Illustration by Valkyrie Mata.

Periods can be the devil. This is a sentiment fellow menstruators all agree on at some point or another. What’s even worse than experiencing periods once a month, though, is the lack of free, easy access to pads and tampons and the amount of money we menstruators spend on an array of period products.

Texas State should take the initiative that universities such as Harvard, Cornell, Brown, A&M Corpus and Penn State have taken to provide students with free pads and tampons. Since Texas State currently does not provide these products, students have taken matters into their own hands with the #TamponClubTXST community tampon supply.

#TamponClubTXST is a student-led initiative that stocks restrooms around campus with a bin containing free pads and tampons. Students are encouraged to contribute to and/or replace the tampons and pads they use from the bin. While this is a great step towards easier access to period products, Texas State should be the one providing students with free pads and tampons.

A study from the Free the Tampons Foundation found that of U.S. women age 18-54, 86 percent say they have started their period unexpectedly in public without the supplies they need, 57 percent said they felt embarrassed because of this and 43 percent felt anxious or stressed during this time.

Many students who are unprepared for their periods leave or miss class in order to deal with it, PERIOD Austin Chapter Leader Alexa Atkinson claims. In fact, nearly 1 in 5 girls in the U.S. have missed school due to the lack of period protection.

The average woman is on her period for 2,535 days of her life. It is estimated that menstruators spend roughly $1,800 in their lifetime on tampons—assuming the price of tampons stays fixed. This does not account for the tampon tax 35 states in the U.S. have because period products are considered non-essential goods. There are also other costs besides tampons such as heating pads, medicine for cramps and new pairs of underwear.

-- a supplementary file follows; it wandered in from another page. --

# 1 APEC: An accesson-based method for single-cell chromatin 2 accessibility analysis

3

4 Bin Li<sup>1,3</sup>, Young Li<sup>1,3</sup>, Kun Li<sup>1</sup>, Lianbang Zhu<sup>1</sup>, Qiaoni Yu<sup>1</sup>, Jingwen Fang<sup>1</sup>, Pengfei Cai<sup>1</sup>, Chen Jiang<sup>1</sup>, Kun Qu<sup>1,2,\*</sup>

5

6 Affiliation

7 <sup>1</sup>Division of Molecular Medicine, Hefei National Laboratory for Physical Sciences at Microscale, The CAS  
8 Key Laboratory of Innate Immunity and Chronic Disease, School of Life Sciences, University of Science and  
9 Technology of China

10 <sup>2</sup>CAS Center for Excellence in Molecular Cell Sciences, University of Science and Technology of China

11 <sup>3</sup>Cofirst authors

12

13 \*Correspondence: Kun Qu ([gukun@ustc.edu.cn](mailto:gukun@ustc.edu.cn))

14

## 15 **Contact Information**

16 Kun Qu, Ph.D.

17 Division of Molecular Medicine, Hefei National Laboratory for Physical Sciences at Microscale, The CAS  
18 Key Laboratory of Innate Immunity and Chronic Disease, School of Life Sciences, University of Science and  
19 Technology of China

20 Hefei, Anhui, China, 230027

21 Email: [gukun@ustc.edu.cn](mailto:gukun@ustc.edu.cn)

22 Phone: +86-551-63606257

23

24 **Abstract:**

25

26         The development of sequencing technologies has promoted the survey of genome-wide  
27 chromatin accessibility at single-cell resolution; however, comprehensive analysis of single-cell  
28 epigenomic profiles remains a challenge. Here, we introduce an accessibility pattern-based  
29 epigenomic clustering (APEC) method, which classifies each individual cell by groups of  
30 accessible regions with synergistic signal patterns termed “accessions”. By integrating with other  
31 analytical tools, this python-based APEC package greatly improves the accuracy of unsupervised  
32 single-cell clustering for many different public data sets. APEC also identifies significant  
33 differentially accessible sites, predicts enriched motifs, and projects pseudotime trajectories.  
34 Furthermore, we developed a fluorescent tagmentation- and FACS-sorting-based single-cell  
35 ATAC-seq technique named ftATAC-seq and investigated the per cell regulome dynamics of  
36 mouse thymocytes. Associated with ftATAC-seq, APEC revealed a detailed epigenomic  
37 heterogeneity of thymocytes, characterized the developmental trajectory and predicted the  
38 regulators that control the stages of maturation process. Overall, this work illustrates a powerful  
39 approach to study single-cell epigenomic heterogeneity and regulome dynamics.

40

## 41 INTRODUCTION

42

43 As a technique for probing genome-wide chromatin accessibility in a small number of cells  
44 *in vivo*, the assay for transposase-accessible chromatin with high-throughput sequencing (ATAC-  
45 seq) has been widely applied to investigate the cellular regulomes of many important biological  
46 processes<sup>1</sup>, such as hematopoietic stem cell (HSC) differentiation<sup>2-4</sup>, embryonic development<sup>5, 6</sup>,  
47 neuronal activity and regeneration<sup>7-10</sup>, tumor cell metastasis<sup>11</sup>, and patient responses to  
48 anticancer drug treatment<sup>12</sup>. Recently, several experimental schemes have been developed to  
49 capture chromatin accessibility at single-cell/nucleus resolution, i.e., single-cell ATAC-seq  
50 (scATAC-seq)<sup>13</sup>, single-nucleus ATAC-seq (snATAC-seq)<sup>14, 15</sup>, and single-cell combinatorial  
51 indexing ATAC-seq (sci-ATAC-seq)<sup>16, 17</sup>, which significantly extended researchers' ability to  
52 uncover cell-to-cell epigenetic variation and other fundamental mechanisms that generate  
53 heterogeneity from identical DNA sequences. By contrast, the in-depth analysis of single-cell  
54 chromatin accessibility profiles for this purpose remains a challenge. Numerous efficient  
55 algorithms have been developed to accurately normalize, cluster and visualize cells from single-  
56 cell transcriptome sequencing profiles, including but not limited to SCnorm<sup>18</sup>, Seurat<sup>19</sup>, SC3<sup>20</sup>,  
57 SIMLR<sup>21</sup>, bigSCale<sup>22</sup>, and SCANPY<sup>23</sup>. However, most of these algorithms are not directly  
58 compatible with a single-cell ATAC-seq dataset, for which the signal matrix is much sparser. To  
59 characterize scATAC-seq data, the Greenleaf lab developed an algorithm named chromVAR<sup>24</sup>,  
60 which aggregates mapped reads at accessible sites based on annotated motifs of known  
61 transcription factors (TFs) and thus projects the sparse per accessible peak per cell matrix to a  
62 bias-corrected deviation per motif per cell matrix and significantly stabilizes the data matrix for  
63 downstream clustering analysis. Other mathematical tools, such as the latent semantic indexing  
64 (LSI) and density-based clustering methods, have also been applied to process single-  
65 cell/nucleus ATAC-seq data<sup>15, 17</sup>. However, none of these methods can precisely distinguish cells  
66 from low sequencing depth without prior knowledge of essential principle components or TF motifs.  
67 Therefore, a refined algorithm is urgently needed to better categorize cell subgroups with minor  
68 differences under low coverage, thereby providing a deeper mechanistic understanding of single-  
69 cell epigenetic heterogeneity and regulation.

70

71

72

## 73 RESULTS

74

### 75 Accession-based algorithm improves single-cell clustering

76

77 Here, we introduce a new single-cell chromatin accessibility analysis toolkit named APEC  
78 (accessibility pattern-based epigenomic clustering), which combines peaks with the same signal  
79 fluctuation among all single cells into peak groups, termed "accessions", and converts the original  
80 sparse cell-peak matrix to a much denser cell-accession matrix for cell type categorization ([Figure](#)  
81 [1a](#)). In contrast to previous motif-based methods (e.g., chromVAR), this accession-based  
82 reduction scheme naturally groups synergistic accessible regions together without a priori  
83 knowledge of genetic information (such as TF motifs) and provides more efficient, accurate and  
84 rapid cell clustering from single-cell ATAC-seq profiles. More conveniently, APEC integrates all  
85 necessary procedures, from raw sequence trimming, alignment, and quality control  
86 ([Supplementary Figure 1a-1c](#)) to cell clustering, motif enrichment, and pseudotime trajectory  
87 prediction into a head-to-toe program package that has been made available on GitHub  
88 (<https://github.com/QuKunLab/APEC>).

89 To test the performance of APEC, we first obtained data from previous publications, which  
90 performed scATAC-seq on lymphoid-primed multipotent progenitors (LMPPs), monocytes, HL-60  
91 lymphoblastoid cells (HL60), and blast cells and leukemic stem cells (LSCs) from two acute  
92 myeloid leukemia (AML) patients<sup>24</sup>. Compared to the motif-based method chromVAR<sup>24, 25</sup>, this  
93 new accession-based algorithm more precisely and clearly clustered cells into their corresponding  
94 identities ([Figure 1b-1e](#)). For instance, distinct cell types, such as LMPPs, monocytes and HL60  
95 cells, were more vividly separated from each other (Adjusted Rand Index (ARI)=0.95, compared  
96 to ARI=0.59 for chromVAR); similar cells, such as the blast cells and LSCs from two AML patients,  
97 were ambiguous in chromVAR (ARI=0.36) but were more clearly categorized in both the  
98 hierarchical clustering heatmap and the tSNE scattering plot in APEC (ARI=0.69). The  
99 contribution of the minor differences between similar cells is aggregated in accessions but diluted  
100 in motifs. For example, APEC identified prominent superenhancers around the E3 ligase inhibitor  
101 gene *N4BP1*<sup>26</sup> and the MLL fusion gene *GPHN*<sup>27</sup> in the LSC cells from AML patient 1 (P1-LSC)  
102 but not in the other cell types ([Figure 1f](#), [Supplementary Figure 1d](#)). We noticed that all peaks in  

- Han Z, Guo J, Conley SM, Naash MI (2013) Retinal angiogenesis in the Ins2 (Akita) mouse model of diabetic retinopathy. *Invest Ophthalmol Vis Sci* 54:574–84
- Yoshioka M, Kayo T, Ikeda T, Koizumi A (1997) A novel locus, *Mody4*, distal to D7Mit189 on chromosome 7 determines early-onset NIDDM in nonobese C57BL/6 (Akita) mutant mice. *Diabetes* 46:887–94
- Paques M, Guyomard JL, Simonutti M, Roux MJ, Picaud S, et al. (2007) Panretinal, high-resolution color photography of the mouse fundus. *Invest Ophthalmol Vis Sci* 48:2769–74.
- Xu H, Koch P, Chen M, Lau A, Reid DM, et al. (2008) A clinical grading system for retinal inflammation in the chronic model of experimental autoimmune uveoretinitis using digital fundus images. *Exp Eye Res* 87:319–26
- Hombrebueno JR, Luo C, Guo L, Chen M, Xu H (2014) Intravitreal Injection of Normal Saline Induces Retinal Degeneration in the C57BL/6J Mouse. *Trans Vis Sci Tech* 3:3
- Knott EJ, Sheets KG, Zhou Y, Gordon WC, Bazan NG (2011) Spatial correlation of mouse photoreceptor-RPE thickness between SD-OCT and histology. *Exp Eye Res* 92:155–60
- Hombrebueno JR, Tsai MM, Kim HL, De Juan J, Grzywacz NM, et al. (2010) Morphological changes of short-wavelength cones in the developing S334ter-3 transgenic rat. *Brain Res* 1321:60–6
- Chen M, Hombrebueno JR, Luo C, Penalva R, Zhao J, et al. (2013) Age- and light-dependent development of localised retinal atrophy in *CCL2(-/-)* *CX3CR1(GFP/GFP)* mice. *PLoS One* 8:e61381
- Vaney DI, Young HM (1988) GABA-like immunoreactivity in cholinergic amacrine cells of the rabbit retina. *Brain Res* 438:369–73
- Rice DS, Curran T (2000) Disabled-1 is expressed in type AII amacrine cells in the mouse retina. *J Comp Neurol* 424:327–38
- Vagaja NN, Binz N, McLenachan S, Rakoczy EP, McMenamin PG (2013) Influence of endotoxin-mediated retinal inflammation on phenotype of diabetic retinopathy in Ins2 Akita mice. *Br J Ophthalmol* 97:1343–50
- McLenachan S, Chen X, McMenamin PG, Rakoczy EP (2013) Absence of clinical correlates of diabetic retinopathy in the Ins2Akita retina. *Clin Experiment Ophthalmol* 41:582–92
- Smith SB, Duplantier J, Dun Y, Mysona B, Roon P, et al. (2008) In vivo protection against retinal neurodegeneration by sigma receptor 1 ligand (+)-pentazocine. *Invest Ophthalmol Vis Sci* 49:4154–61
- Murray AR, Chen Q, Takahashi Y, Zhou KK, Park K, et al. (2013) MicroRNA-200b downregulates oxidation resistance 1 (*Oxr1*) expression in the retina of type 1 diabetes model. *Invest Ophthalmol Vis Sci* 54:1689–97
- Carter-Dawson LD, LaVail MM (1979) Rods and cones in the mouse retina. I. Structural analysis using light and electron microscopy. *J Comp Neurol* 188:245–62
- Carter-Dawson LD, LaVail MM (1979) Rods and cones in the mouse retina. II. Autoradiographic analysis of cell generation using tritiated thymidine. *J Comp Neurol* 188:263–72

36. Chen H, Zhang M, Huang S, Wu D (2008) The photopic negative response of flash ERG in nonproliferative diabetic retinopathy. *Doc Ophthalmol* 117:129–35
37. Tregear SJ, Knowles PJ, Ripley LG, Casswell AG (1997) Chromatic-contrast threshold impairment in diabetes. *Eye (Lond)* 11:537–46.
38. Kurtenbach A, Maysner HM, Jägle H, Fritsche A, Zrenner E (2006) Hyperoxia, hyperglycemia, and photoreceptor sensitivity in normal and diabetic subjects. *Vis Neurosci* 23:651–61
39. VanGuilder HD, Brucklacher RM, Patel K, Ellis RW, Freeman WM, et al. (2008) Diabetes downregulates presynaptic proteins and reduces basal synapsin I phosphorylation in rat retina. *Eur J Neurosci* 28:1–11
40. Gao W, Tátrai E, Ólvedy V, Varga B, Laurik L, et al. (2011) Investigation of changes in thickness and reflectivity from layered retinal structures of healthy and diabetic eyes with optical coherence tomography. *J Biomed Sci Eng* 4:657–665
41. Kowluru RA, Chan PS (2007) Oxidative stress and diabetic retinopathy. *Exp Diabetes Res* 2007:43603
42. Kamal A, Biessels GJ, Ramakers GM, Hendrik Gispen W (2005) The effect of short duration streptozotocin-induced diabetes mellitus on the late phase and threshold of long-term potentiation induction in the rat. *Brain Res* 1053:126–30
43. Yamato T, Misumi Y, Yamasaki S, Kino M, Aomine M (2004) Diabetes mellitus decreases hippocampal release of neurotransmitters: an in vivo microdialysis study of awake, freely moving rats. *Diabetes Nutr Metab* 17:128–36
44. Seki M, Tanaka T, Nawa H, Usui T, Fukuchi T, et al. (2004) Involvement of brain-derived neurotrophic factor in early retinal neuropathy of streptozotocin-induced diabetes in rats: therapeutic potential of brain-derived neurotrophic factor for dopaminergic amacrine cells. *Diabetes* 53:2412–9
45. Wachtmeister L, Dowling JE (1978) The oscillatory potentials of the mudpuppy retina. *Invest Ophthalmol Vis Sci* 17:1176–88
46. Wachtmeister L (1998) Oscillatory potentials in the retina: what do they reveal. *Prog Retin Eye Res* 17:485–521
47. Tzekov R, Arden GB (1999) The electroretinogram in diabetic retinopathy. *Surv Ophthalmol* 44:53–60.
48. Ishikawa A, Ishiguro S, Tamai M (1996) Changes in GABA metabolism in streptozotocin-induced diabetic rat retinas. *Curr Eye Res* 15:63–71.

While statistics on this topic mainly sample from a population of cisgender women, it is important to note transgender and nonbinary people also experience the stressors associated with menstruation. This issue can affect anyone.

Not only are college students missing class because of their periods, but students tight on money cannot deal with the expenses; this is called period poverty. College students are especially susceptible to this issue, especially students who struggle to cover college expenses in the first place. Texas State has the ability to alleviate—and even completely rid—students of this problem, yet it hasn’t openly shown any attempts to.

Being in school is stressful enough on its own and can even cause or worsen some menstrual issues. The least Texas State can do is provide students with free period products. Students don’t have to bring their own toilet paper to school; the same logic should apply when it comes to periods.

Menstruating is not something that’s done for fun. It’s an involuntary biological function that menstruators pay out of pocket for, and that is unfair. It makes no sense for menstruators to have to carry and provide their own tampons and pads. In fact, this act is extremely gendered. Texas State can help resist this by providing students with free period products in every, or at least most, restrooms on campus.

There are some steps being taken, such as the #TamponClubTXST movement. More recently, a member of PERIOD, a global distributor of menstrual hygiene products, reached out to Texas State administrators and plans to help stock our campus with free pads and tampons from the company Aunt Flow.

Yet, these solutions are all student-led. Texas State should have responded to this student issue sooner, and there is plenty more it can do in addition to these student-led movements.

Menstrual health does not end with free, easy access to pads and tampons; it continues with education about reproductive health. The lack of access to menstrual supplies is just one side effect of a scholastic system that has a poor reproductive, health and sex education. Providing students with free pads and tampons is just one facet of a much larger reproductive health education issue that should be openly and unabashedly talked about.

– Carissa Liz Castillo is an English senior

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